2) Which Representation Learning Method is Better? We implement six methods for multimodal representation learning. Specifically, “Early Fusion” feeds the concatenation of RGB and thermal images into CSRNet. “Late Fusion” extracts the RGB and thermal features respectively with two CSRNet and then combines their features to generate density maps. As shown in Table 2, these two models are better than unimodal models, but their performance still lags far behind various variants of our IADM. For instance, without gating functions, the variant “W/O Gating Mechanism” directly propagates information among different features and obtains an RMSE of 33.61. The variant “W/O Modality-Shared Feature” obtains a GAME(0) of 18.67 and an RMSE of 33.73, when removing the modality-shared branch and directly refining the modality-specific features. When using the modality-shared branch but only aggregating multimodal information, the variant “W/O Information Distribution” obtains a relatively better RMSE 32.91. When using the full IADM, our method achieves the best performance on all evaluation metrics. This is attributed to our tailor-designed architecture (i.e., specific-shared branches, dual information propagation) that can effectively learn the multimodal collaborative representation, and fully capture the complementary information of RGB and thermal images. These experiments demonstrate the effectiveness of the proposed IADM for multimodal representation learning.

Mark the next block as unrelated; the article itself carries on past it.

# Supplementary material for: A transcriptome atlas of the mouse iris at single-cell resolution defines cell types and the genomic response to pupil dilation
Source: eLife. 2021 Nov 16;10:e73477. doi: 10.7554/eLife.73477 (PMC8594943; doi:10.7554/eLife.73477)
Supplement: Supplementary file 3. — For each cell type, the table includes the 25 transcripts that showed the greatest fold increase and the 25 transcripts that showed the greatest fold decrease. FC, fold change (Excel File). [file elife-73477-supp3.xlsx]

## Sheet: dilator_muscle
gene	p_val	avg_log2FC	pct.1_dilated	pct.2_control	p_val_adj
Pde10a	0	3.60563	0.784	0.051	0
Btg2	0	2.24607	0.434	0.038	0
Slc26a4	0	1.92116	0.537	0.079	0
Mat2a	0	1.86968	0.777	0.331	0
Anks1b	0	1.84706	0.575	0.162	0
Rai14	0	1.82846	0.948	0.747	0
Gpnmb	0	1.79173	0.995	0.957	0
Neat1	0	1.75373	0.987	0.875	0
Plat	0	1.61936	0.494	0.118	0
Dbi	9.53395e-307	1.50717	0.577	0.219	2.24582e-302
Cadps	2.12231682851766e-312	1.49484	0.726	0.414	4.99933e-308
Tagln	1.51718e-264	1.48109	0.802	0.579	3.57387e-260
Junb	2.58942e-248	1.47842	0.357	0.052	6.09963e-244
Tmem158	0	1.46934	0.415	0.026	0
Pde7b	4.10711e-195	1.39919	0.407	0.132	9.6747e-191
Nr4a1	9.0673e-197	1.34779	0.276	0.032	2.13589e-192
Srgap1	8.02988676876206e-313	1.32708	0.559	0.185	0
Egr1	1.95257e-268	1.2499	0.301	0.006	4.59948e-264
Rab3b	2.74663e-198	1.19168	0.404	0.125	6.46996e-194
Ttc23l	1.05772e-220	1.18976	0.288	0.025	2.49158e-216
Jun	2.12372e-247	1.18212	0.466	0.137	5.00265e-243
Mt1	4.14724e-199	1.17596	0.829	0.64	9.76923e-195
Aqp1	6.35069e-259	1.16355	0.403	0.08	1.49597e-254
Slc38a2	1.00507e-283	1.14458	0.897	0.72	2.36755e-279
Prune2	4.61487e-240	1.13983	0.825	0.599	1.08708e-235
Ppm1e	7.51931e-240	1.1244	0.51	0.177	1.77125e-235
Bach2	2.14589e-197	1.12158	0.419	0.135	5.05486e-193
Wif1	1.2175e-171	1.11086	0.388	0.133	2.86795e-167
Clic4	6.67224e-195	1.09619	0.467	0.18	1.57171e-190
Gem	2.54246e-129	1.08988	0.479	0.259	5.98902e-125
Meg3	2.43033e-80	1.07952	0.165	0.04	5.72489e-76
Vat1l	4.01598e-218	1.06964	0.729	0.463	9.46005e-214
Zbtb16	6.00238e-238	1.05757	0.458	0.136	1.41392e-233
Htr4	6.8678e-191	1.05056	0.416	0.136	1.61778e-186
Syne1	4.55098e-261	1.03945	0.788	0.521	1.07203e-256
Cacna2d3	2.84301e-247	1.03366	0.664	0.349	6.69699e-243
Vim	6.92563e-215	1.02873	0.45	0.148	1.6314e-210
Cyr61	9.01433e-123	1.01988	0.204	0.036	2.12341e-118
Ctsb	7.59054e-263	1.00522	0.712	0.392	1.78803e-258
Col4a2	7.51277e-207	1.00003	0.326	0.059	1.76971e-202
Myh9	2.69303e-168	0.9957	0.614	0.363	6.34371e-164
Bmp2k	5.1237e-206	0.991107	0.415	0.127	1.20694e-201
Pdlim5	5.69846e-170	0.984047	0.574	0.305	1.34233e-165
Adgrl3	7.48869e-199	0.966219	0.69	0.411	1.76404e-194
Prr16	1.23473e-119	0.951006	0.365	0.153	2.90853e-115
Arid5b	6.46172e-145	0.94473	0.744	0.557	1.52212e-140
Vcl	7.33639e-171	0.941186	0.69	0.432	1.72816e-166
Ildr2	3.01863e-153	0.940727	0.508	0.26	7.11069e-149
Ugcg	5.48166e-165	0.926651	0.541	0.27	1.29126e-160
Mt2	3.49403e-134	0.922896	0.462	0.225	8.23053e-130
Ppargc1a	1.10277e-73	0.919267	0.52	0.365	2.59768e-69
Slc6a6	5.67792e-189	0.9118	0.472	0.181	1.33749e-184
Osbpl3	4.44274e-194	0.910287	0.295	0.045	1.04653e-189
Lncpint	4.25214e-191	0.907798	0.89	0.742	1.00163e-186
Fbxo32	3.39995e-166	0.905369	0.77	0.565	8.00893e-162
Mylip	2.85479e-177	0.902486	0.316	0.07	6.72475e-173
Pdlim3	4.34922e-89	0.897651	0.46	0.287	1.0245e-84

|MCNN + IADM||9.61||11.89||15.44||20.69||14.52|
|BL + IADM||7.13||9.28||13.00||19.53||10.27|
|SANet + IADM||4.71||6.49||9.02||12.41||7.35|
|CSRNet + IADM||4.38||5.95||8.02||11.02||7.06|
3) The Effectiveness of Level Number of Pyramid Pooling Layer: In the proposed IDAM, an -level pyramid pooling layer is utilized to extract contextual information. In this section, we explore the effectiveness of the level number. As shown in Table 5, when is set to 1, the GAME(3) and RMSE are 35.88 and 33.01, respectively. As the level number increases, our performance also becomes better gradually, and we can achieve very competitive results when the pyramid pooling layer has three levels. More levels over 3 will not bring additional performance gains. Therefore, the level number is consistently set to 3 in this work.
5.3 Comparison with the State of the Art